Tanya Mohn has The Dislocated Americans (NYT, December 1, 2008) in Monday’s issue of the NYT on how more and more Americans have relocated overseas but where family issues remain a major factor in the failure of overseas postings. The article points out that “The initial excitement of an exotic new posting can turn to culture shock, loneliness, identity loss and depression, and it is often the employee’s spouse and children — without the familiar routine of work — who are most affected.”
A couple of Foreign Service spouses are mentioned in the short piece: Francesca Kelly, who now lives in Bethesda, Md., who co-founded The Sun (The Spouses’ Underground Newsletter) as a way to create their own support community in the FS. She used to write about the hilarious fictional adventures of Rebecca Fairchild (I think that’s the name), the Foreign Service Spouse who was that “highly flawed, complete disaster of a diplomatic wife.” In 2000, The Sun became Tales From a Small Planet, a nonprofit Web site where members can read real post reports on some 350 cities written by expatriates (website is free but requires registration).
“I thought it would be an adventure, and it was,” said Francesca Kelly, who moved 10 times in the first nine years as a Foreign Service spouse, living in places like Belgrade and the former Soviet Union during the cold war. But it “was much more difficult than I ever imagined it would be.”
Patricia Linderman, another Foreign Service spouse is also quoted in the piece: “She said there had been an explosion of resources in recent years that support expatriates and many now also “focus on the personal and emotional aspects of cross-cultural living.” Patricia now lives in Guayaquil, Ecuador — edits Tales and is co-author of “The Expert Expat: Your Guide to Successful Relocation Abroad” (Nicholas Brealey, 2007).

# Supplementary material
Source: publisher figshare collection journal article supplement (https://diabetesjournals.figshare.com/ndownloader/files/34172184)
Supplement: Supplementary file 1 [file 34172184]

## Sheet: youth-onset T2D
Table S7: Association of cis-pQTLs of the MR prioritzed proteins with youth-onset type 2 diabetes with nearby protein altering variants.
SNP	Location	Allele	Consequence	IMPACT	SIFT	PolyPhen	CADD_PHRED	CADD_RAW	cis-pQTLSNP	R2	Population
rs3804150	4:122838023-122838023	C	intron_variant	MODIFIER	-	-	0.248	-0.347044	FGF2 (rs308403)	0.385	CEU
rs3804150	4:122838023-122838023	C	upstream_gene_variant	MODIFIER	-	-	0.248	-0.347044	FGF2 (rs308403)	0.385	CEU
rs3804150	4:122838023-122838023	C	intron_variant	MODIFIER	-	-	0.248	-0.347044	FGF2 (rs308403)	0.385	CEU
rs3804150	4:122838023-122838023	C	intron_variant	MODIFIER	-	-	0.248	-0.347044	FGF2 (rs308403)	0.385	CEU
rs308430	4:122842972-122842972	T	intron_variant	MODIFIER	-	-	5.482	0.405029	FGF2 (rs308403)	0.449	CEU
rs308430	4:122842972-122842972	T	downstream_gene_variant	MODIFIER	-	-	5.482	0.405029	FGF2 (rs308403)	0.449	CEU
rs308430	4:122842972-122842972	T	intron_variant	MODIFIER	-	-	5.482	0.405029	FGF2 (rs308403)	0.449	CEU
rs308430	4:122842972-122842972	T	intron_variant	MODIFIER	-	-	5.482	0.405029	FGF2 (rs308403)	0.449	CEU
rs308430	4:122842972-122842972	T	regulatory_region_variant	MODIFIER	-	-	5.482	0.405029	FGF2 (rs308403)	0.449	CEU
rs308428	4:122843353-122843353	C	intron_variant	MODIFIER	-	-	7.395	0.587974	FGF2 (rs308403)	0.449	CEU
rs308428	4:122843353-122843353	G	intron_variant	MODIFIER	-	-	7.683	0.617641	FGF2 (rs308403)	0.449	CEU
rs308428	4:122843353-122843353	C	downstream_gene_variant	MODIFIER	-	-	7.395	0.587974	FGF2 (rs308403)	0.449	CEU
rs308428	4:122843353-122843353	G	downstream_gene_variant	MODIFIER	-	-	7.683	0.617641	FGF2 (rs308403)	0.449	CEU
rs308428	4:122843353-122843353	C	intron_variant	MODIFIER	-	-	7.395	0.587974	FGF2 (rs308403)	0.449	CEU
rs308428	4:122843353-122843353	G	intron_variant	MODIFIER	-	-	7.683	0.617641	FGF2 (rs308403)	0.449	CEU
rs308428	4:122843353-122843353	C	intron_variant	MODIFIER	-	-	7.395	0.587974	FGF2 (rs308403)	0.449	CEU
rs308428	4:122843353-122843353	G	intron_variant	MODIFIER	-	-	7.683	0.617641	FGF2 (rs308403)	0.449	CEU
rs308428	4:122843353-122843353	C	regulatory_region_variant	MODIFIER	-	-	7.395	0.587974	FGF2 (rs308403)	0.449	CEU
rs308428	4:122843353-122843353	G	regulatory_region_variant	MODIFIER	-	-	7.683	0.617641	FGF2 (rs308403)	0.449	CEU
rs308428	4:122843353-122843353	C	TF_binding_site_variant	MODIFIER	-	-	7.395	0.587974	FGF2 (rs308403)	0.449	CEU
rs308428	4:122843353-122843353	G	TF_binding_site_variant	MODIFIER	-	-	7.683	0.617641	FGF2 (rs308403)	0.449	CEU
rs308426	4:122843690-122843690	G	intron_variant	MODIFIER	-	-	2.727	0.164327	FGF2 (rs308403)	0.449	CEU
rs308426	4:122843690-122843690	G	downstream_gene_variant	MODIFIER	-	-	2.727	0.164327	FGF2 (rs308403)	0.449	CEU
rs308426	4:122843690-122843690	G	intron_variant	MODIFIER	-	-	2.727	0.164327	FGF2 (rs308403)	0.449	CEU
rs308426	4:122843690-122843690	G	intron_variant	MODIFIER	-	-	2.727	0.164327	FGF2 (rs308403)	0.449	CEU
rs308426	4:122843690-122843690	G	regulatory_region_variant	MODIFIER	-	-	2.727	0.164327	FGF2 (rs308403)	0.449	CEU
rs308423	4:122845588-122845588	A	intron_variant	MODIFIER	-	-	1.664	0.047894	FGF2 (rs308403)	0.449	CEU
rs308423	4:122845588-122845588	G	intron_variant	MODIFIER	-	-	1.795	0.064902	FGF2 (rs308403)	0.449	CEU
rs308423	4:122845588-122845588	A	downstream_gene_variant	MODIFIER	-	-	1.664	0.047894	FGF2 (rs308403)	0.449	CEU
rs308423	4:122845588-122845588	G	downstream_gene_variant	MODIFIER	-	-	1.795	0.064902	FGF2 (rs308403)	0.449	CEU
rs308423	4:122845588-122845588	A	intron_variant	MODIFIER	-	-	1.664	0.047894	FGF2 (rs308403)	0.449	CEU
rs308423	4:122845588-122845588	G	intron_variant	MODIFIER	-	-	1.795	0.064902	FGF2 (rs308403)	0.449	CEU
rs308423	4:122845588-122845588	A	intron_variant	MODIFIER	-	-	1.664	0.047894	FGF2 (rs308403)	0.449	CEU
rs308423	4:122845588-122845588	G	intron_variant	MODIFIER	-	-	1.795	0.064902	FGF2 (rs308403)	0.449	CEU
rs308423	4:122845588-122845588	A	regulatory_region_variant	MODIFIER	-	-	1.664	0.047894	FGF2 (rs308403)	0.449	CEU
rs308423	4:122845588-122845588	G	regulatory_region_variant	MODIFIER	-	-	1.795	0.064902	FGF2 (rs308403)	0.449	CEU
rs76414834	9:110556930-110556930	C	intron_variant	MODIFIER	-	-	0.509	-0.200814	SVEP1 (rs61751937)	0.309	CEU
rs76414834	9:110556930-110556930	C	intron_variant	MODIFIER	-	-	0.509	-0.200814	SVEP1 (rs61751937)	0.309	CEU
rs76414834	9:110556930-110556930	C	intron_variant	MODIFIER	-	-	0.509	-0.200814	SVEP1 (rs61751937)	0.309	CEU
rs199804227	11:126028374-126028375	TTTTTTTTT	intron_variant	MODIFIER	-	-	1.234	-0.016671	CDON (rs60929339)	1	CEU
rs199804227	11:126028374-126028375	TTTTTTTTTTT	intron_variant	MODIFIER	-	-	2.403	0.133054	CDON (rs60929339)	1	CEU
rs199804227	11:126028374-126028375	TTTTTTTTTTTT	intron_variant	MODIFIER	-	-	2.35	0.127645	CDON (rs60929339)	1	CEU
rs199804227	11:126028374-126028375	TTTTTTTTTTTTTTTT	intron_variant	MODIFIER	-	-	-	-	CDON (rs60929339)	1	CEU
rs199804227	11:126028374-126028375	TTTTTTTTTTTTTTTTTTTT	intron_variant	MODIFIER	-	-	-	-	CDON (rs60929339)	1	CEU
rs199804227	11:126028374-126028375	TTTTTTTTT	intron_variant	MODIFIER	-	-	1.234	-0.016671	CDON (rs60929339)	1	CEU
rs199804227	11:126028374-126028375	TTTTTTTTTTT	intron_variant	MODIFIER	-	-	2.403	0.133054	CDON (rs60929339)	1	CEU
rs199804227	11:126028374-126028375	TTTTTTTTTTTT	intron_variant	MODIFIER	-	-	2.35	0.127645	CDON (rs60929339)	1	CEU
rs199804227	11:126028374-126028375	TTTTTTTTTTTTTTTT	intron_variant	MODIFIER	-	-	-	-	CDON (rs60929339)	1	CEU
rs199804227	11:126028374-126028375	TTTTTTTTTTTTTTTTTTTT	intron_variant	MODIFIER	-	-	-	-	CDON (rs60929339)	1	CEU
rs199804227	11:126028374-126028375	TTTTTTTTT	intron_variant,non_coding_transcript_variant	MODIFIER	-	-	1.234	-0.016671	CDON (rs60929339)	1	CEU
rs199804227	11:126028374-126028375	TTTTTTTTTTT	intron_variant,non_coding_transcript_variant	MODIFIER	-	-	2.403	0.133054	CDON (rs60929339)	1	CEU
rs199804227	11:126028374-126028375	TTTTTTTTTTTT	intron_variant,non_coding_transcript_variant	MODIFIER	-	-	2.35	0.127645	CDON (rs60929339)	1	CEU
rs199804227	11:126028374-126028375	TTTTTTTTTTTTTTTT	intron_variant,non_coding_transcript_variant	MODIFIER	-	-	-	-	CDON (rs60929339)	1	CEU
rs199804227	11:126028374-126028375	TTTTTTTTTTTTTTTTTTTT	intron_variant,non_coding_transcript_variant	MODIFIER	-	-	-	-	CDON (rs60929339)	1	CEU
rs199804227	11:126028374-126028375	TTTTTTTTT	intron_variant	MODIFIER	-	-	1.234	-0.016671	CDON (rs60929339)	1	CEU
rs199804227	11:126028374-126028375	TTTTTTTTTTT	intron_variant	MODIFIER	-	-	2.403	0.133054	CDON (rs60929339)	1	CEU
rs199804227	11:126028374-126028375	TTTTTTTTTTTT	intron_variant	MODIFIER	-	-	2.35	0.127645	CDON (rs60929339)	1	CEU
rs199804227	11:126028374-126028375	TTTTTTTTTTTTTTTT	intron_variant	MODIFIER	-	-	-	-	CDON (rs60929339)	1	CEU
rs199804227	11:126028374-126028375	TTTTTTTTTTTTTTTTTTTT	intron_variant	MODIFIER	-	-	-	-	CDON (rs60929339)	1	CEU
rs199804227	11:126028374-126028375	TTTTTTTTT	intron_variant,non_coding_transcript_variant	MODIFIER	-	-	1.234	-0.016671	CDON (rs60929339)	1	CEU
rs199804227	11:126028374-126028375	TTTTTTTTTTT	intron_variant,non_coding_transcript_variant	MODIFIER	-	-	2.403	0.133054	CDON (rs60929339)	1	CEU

Yvonne McNulty, a Singapore-based consultant who studies mobility issues, said the biggest issue for spouses was loss of identity. “What I found in my research is that almost all spouses face an identity crisis but only about 10 to 15 percent did something about it, by becoming authors, getting an M.B.A. or starting businesses,” she said. Most “felt they were victims, with no control.”
As one expat spouse who moved to Torreón, Mexico when her husband was assigned there puts it, the experience was like “jumping into a cold lake.” She added: “There are times you are fed up and depressed. Sometimes you are in shock and the only person who understands is another expat.”
All true, I supposed. But I think when the honeymoon period concludes, usually around your third posting - that’s when it really hits you. A male spouse once told me that he understood how important the FS career was for his spouse. So he was willing to put his career on hold, and follow her wherever she wanted to go for 10 years. After that, he would lead and she would follow. I found the concept admirable but how does that work in real life? Ten years, that’s probably 4 diplomatic postings with tenure. And then she’d walk away from the FS, follow him and start over again and they’d both be happy. Or she could convert to Civil Service, stay stateside and he could have a career and they'd both be happy. Or she’d continue on the adventure, minus him, and they'd each be happy but separate. I know, I know, not really the happy-talk that you're hoping for. But I’ve seen this happen and it gets tricky with kids.
The most common advice I've heard for spouses is for one to be "flexible," and to view each relocation as a chance for "re-inventing oneself." But what I wonder, is the threshold for that reinvention and flexibility before you meet one fragmented self in the mirror? There is no doubt in my mind that this lifestyle comes with a wear and tear for our FS men and women. I believe that's one reason why there is mandatory retirement at 65. But there is also a unique wear and tear that claims the spouses and partners who follows them around. And that's something no one could put a dollar figure on. In any case, jumping into a cold lake every three years has some upsides. Yes, it's a shock on your nerves but - you get to redecorate every three years! And they'd even let you paint your house with whatever color you like, just as long as you put it back into its original shade when it's time to pack and move again. Then you jump into another cold lake, and paint another house - the possibilities - all 277 locations to be exact, are actually quite exciting unless you get picky.